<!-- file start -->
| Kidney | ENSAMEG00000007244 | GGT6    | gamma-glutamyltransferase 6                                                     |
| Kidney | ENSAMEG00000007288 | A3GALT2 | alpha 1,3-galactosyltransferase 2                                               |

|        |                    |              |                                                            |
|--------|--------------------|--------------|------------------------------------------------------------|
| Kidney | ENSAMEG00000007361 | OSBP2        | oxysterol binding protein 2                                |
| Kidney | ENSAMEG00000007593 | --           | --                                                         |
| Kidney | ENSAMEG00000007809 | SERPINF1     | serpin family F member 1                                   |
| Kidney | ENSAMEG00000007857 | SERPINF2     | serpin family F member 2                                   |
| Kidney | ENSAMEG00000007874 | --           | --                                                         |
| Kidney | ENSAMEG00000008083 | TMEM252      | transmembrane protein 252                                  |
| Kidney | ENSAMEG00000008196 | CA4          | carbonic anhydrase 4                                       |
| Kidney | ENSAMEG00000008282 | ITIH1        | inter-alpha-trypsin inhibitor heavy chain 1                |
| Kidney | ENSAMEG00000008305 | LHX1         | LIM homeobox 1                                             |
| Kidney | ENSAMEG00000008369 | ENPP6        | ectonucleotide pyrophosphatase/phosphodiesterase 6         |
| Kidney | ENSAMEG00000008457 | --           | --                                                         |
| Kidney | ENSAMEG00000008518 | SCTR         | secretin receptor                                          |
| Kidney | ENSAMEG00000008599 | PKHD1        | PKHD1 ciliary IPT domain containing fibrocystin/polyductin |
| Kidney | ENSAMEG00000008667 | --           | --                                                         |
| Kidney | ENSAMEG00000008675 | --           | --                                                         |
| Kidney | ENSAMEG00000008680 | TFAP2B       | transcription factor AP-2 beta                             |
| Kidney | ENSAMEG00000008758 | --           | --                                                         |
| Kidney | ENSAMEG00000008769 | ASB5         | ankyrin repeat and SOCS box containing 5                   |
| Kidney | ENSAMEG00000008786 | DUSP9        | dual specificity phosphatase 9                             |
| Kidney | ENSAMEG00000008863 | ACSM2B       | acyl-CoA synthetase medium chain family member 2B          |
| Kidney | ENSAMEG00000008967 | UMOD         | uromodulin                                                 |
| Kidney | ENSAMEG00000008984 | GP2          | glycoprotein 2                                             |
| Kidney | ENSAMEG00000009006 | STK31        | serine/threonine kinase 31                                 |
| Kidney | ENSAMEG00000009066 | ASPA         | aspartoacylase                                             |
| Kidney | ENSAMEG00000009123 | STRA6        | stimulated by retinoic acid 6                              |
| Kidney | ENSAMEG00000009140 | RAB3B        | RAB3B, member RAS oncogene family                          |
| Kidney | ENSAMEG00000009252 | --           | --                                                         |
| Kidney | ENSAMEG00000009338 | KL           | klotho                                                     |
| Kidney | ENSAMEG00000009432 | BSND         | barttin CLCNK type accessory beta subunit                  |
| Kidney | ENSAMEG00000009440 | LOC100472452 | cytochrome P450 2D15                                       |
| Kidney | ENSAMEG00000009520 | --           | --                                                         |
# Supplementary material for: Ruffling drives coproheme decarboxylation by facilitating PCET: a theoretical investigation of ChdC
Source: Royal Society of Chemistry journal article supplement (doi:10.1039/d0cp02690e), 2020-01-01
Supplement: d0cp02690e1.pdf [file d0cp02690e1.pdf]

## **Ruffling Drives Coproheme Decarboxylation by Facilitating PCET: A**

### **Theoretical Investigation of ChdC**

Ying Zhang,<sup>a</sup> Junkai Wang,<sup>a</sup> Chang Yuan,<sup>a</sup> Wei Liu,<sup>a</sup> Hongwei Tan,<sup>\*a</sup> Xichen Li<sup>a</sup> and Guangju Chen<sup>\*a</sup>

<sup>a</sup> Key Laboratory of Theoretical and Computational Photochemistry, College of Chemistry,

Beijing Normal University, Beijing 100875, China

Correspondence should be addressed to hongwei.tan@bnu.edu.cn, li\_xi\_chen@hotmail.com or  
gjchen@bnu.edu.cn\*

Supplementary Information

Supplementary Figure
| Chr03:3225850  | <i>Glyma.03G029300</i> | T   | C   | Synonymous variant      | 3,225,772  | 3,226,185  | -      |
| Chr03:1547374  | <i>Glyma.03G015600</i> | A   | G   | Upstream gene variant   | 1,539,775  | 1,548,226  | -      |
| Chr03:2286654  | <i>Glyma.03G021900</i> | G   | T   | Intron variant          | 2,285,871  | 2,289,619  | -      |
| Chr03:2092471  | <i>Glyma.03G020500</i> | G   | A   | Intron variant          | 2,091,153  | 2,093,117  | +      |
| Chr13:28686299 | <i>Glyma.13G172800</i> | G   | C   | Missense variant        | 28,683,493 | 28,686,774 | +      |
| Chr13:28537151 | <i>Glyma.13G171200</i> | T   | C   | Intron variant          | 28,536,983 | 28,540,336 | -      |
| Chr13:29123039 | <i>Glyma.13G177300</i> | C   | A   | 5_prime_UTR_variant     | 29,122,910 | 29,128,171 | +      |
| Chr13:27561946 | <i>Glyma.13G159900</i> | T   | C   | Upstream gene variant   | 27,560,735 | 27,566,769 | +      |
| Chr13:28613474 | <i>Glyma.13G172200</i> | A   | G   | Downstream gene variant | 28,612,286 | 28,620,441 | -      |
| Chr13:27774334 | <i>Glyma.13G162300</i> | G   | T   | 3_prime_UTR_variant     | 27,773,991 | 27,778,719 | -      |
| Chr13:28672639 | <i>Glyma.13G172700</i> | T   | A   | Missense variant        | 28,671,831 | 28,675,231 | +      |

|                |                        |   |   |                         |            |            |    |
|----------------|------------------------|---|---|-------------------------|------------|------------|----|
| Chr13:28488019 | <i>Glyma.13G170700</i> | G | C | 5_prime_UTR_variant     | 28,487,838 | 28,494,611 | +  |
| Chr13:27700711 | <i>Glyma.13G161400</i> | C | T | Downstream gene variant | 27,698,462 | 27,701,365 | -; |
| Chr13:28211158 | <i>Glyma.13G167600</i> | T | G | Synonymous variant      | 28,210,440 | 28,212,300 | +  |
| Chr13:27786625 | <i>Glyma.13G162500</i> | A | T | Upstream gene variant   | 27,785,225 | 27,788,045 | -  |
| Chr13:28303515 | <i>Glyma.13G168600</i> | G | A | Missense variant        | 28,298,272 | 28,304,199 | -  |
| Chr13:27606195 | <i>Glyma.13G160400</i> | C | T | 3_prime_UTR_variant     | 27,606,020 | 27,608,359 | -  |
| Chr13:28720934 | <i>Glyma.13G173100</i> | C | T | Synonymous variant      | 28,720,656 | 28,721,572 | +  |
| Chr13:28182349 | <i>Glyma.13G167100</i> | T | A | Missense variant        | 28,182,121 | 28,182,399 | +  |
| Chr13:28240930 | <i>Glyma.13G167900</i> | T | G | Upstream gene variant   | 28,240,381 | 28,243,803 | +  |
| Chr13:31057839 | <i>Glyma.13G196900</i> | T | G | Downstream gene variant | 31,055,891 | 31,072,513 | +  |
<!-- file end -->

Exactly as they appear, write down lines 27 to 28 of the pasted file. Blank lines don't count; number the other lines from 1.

| Kidney | ENSAMEG00000009006 | STK31        | serine/threonine kinase 31                                 |
| Kidney | ENSAMEG00000009066 | ASPA         | aspartoacylase                                             |